only 52 per cent of the total purchases. A wider difference in preference between gradeswas


-7-





FIGURE 1


THE CONTRIBUTION OF EACH SIZE TO THE TOTAL SALES FROM
COMPARATIVE DISPLAYS OF FLORIDA TOMATOES


Percent Large Size
10 20 30


5x6




5x6




5x6




6x7



7x7


ibo 9b 8b 70 60 50 40


60 70 80 90 100


6x6




6x7




7x8


7x8


\ 7x8

30 20 10 0
Percent Small Size


U. S. No. 1 Grade
U. S. No. 2 Grade


-8-


\MMM"
W\W\\\\M<\~


W\
*M






found in the comparisons involving 7 x 7 and 7 x 8 sizes. Almost three-fourths of the total

sales consisted of the 7 x 7 size in tests of U.S. No. 1 grade as compared with about 60

per cent for tests of the U.S. No. 2 grade.

When the 7 x 7 7 x 8 sizes were compared, a greater share of the total sales con-

sisted of the larger size than in the 5 x 6 6 x 6 comparisons. Thus, slight size differences

apparently mean more to consumers when the difference is between small tomatoes.

The pattern of preferences for each grade was generally the same for the other size

comparisons tested. Almost two-thirds of the total sales of tomatoes consisted of the larger

size in the comparisons of sizes 5 x 6 and 6 x 7. Over 80 per cent of the sales consisted of

the larger size when either the 5 x 6 or the 6 x 7 size was marketed competitively with the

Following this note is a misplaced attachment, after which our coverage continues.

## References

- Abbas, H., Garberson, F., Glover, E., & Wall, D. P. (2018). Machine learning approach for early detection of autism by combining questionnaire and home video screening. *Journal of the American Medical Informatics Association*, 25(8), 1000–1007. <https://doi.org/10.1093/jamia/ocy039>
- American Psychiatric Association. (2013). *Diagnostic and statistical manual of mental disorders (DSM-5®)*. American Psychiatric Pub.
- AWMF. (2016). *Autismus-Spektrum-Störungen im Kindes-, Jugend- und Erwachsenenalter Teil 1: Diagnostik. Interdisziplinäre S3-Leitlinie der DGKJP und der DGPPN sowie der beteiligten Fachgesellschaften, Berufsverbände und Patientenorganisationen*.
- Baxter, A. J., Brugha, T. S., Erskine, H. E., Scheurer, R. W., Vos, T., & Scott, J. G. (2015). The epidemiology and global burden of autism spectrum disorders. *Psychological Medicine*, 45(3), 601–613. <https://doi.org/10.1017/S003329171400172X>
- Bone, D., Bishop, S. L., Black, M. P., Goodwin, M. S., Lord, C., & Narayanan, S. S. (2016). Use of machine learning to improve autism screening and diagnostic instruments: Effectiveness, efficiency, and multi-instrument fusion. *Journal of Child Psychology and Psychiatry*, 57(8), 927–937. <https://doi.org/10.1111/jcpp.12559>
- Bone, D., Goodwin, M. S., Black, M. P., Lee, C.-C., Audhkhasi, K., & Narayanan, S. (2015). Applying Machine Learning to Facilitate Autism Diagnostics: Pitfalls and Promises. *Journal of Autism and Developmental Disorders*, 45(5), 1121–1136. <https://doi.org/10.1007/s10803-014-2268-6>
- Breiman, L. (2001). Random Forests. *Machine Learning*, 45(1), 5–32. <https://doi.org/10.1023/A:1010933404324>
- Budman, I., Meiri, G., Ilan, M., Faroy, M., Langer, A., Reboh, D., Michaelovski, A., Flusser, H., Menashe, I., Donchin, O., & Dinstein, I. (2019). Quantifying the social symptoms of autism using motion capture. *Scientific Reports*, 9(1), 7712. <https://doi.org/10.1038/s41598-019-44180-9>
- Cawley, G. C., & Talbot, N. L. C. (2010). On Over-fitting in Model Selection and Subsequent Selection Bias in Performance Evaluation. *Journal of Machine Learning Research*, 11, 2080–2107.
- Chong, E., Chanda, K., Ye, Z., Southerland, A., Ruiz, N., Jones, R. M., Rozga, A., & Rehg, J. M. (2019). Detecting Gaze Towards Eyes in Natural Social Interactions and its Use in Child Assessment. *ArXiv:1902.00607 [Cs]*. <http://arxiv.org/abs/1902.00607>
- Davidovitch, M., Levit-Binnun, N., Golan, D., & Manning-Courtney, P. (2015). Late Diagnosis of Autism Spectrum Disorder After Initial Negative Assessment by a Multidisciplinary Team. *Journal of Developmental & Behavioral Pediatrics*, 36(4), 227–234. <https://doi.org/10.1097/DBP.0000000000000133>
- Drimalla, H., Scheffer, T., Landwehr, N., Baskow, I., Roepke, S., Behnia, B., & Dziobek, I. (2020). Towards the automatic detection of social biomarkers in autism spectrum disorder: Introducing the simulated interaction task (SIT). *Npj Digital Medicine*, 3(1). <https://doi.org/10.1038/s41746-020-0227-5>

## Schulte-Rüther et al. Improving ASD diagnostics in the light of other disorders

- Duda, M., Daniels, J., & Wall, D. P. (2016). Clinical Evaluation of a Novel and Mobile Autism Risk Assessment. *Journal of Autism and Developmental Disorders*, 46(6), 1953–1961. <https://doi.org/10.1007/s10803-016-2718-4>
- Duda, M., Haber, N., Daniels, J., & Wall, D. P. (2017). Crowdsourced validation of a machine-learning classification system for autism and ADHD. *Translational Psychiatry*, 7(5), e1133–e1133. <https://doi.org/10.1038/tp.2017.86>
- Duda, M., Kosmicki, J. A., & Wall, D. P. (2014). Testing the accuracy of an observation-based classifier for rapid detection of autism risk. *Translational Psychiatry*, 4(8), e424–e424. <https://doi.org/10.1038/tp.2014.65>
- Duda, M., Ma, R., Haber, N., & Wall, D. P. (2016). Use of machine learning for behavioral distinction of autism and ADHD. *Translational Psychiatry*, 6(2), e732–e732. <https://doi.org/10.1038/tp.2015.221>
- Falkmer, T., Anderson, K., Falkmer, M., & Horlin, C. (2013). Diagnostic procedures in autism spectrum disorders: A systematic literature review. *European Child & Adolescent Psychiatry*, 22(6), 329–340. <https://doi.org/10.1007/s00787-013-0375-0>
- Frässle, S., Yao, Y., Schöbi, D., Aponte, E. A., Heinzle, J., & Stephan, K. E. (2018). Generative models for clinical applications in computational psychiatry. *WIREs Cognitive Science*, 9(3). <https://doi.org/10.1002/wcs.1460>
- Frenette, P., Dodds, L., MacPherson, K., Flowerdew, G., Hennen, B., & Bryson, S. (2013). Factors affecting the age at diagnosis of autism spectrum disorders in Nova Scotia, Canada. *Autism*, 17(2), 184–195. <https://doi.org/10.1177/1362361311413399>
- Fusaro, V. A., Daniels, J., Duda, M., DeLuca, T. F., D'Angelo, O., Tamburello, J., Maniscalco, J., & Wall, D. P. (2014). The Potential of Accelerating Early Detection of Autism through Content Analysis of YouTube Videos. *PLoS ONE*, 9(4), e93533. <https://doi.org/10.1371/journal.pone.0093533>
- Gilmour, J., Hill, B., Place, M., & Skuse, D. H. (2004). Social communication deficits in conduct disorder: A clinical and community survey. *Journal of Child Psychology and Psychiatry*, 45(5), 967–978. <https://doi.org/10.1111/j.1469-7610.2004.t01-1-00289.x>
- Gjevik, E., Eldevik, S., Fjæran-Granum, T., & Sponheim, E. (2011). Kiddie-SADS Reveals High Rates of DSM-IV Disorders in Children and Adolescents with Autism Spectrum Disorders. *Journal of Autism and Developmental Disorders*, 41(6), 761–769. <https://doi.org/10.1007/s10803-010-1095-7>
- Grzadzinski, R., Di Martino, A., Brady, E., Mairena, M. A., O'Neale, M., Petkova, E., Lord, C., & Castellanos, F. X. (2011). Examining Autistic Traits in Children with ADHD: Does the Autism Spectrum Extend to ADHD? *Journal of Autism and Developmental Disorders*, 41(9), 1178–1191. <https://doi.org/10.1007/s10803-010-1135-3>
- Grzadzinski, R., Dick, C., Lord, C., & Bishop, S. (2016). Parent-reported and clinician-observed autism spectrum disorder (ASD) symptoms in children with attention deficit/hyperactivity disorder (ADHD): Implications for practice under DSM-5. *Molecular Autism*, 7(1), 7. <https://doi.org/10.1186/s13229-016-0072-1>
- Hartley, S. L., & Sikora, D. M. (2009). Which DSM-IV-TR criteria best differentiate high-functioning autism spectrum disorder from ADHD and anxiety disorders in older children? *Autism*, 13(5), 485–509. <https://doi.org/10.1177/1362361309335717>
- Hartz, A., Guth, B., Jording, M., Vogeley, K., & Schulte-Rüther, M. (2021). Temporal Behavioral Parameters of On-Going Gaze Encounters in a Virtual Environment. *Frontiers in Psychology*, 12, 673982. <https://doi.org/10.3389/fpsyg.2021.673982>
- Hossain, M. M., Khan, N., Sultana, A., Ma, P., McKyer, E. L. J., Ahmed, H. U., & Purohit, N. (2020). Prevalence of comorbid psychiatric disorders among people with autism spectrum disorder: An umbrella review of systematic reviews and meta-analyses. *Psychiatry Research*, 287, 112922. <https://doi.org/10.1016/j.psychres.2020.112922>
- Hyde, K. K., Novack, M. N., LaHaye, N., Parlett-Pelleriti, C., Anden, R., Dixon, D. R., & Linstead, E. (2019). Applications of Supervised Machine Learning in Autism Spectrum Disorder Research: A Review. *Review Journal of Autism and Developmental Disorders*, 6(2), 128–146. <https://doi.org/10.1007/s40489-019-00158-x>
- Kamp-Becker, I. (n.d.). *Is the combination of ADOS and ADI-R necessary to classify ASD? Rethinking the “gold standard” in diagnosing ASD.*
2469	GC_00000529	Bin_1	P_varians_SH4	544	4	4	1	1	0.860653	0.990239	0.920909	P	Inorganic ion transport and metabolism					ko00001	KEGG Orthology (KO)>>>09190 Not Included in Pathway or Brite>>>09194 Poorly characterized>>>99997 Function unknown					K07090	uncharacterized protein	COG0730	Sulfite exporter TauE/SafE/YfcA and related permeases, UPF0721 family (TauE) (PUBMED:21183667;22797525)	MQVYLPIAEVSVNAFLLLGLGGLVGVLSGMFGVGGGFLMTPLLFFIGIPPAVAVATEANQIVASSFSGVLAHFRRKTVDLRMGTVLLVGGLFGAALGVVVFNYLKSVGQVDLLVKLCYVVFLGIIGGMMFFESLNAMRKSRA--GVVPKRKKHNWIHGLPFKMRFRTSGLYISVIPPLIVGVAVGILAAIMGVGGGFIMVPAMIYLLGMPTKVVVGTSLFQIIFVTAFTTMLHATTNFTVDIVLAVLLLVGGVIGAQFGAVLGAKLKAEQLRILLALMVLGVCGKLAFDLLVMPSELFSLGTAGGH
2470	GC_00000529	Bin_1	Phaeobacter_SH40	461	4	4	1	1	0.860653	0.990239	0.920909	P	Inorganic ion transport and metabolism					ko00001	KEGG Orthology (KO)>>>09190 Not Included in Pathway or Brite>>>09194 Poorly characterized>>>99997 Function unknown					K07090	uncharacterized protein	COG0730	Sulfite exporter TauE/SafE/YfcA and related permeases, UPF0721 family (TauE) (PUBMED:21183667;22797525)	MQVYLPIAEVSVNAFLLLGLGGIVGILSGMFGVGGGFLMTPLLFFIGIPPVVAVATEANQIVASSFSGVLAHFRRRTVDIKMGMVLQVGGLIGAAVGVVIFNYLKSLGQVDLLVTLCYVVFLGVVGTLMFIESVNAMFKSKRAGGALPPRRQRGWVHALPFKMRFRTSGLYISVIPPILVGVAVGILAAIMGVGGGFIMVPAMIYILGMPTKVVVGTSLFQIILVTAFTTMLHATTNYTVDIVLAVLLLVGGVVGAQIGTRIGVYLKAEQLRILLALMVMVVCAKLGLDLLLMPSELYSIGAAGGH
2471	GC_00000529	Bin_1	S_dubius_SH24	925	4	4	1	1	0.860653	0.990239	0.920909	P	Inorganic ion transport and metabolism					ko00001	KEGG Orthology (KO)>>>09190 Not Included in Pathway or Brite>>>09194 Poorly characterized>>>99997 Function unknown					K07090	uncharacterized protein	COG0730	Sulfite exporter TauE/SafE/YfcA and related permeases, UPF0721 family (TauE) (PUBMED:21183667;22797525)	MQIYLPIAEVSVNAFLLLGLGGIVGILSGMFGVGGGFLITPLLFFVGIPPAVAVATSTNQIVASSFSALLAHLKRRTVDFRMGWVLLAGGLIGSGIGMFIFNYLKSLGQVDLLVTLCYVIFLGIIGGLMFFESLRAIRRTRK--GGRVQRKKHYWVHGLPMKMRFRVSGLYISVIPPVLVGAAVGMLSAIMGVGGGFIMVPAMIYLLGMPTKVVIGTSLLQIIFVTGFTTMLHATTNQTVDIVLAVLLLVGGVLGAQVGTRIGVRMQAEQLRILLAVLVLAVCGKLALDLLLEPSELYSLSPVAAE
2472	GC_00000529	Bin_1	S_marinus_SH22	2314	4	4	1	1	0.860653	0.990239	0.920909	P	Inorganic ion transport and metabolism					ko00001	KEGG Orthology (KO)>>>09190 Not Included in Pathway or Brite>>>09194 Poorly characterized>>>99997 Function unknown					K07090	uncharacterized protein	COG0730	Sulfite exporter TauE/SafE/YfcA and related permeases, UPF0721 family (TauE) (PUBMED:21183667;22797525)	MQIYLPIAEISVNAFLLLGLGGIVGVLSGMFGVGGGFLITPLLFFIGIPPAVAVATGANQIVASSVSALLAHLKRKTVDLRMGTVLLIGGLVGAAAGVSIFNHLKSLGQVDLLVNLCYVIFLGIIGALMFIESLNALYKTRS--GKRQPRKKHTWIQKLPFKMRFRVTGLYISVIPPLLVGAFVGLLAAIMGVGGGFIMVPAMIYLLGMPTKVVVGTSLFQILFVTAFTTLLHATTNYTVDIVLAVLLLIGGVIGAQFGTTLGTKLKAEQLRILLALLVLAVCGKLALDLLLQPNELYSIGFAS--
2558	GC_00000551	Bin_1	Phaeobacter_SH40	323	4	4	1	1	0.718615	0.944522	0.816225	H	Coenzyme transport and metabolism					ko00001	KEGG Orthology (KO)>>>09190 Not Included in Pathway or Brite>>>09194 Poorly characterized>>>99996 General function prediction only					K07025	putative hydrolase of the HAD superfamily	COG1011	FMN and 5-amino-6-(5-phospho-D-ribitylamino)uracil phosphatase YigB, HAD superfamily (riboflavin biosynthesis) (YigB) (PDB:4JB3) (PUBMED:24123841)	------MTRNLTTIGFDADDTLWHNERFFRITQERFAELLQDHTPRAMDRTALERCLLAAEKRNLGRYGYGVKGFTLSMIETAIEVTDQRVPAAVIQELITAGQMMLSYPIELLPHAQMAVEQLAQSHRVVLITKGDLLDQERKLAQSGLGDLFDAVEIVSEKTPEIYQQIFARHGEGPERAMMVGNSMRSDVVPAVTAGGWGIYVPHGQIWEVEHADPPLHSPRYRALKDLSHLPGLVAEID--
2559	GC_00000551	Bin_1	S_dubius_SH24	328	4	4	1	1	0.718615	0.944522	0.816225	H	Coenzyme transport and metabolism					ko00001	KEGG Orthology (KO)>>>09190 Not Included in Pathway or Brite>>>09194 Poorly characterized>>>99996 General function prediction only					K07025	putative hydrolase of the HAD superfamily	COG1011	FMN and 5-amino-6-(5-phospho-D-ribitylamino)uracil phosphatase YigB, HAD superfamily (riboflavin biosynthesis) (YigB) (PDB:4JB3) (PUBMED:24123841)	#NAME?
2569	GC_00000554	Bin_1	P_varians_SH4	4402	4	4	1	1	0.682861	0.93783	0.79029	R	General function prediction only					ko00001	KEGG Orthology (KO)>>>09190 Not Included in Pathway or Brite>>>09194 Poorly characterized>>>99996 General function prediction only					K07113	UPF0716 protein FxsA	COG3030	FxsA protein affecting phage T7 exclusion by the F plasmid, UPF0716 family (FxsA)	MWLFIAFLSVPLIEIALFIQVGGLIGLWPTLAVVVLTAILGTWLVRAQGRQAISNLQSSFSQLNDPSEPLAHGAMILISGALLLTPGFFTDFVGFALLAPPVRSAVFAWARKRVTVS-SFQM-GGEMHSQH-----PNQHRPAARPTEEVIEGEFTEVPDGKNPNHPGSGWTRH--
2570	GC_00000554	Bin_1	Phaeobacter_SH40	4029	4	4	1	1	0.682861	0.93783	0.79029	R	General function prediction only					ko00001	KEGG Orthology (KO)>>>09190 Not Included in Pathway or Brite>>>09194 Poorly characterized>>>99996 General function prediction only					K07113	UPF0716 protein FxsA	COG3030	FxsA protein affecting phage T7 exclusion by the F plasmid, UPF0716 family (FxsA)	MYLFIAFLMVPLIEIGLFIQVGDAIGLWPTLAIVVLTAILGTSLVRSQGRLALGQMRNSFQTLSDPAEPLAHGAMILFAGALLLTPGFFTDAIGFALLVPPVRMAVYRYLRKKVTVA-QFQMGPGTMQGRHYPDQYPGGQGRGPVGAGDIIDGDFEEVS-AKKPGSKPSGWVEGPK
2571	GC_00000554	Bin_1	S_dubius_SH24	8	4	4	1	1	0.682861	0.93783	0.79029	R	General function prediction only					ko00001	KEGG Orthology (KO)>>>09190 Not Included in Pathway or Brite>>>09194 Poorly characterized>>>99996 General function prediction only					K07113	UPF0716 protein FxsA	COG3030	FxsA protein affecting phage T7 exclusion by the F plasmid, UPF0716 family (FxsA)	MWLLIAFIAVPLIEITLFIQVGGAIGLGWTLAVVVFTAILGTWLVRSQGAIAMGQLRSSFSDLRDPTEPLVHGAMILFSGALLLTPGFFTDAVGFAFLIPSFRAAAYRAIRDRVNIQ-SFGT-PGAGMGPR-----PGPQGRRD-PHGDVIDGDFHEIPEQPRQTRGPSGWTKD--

size 7 x 8.

The Effect of Size on Sales of Tomatoes

The preceding discussion has no doubt raised the question in the minds of many as to

the possible effect of size upon the quantity of tomatoes that customers will buy. Since the

study was designed specifically to examine customer preferences for sizes, the data obtained

from the market tests do not provide precise information on the effect of size on sales. How-

ever, it is possible from the test results to examine in a general fashion the relationship be-

tween size and the volume of tomatoes that customers will buy.

The largest tomatoes available to customers in this study were those involved in the

comparison of 5 x 6 and 6 x 6 sizes. In the entire series of five comparisons, the average

size of the tomatoes available to customers became gradually smaller until the7 x 7 7 x 8

comparison was reached. Hence, it is possible to rank the matched-lots themselves with

respect to the average size of tomatoes which they contained. On this basis, the data were

analyzed to determine if the total sales of tomatoes differed significantly among the five

comparisons with which customers were confronted.

The instances where the total sales of the five comparisons for each grade were found

to be the same as well as the instances in which they were found to differ are shown in


-9-








Figure 2. No differences in either grade were found in the total sales of any comparisons

involving 5 x 6 tomatoes and a smaller size. For example, about the same total amount of

tomatoes was sold in comparisons involving 5 x 6's and 6 x 6's as in those involving 5 x 6's

and7 x 8's. Also, about the same total amount was sold in comparisons involving x 6's and

7 x 8's as in those involving 6 x 7's and 7 x 8's. Further, sales were not appreciably less as

a result of pairing a7 x with a7 x 7 size than when pairing a7 x 8 with a 6 x 7 size. This

was true for both grades of tomatoes. The comparisons for each grade involving 5 x 6 and

7 x 8 sizes sold about the same total quantity of tomatoes as those consisting of 6 x 7 and

7 x 8 sizes, but significantly more than those consisting of 7 x 7 and 7 x 8 sizes.

Numerous other determinations of instances where the total sales of the test compari-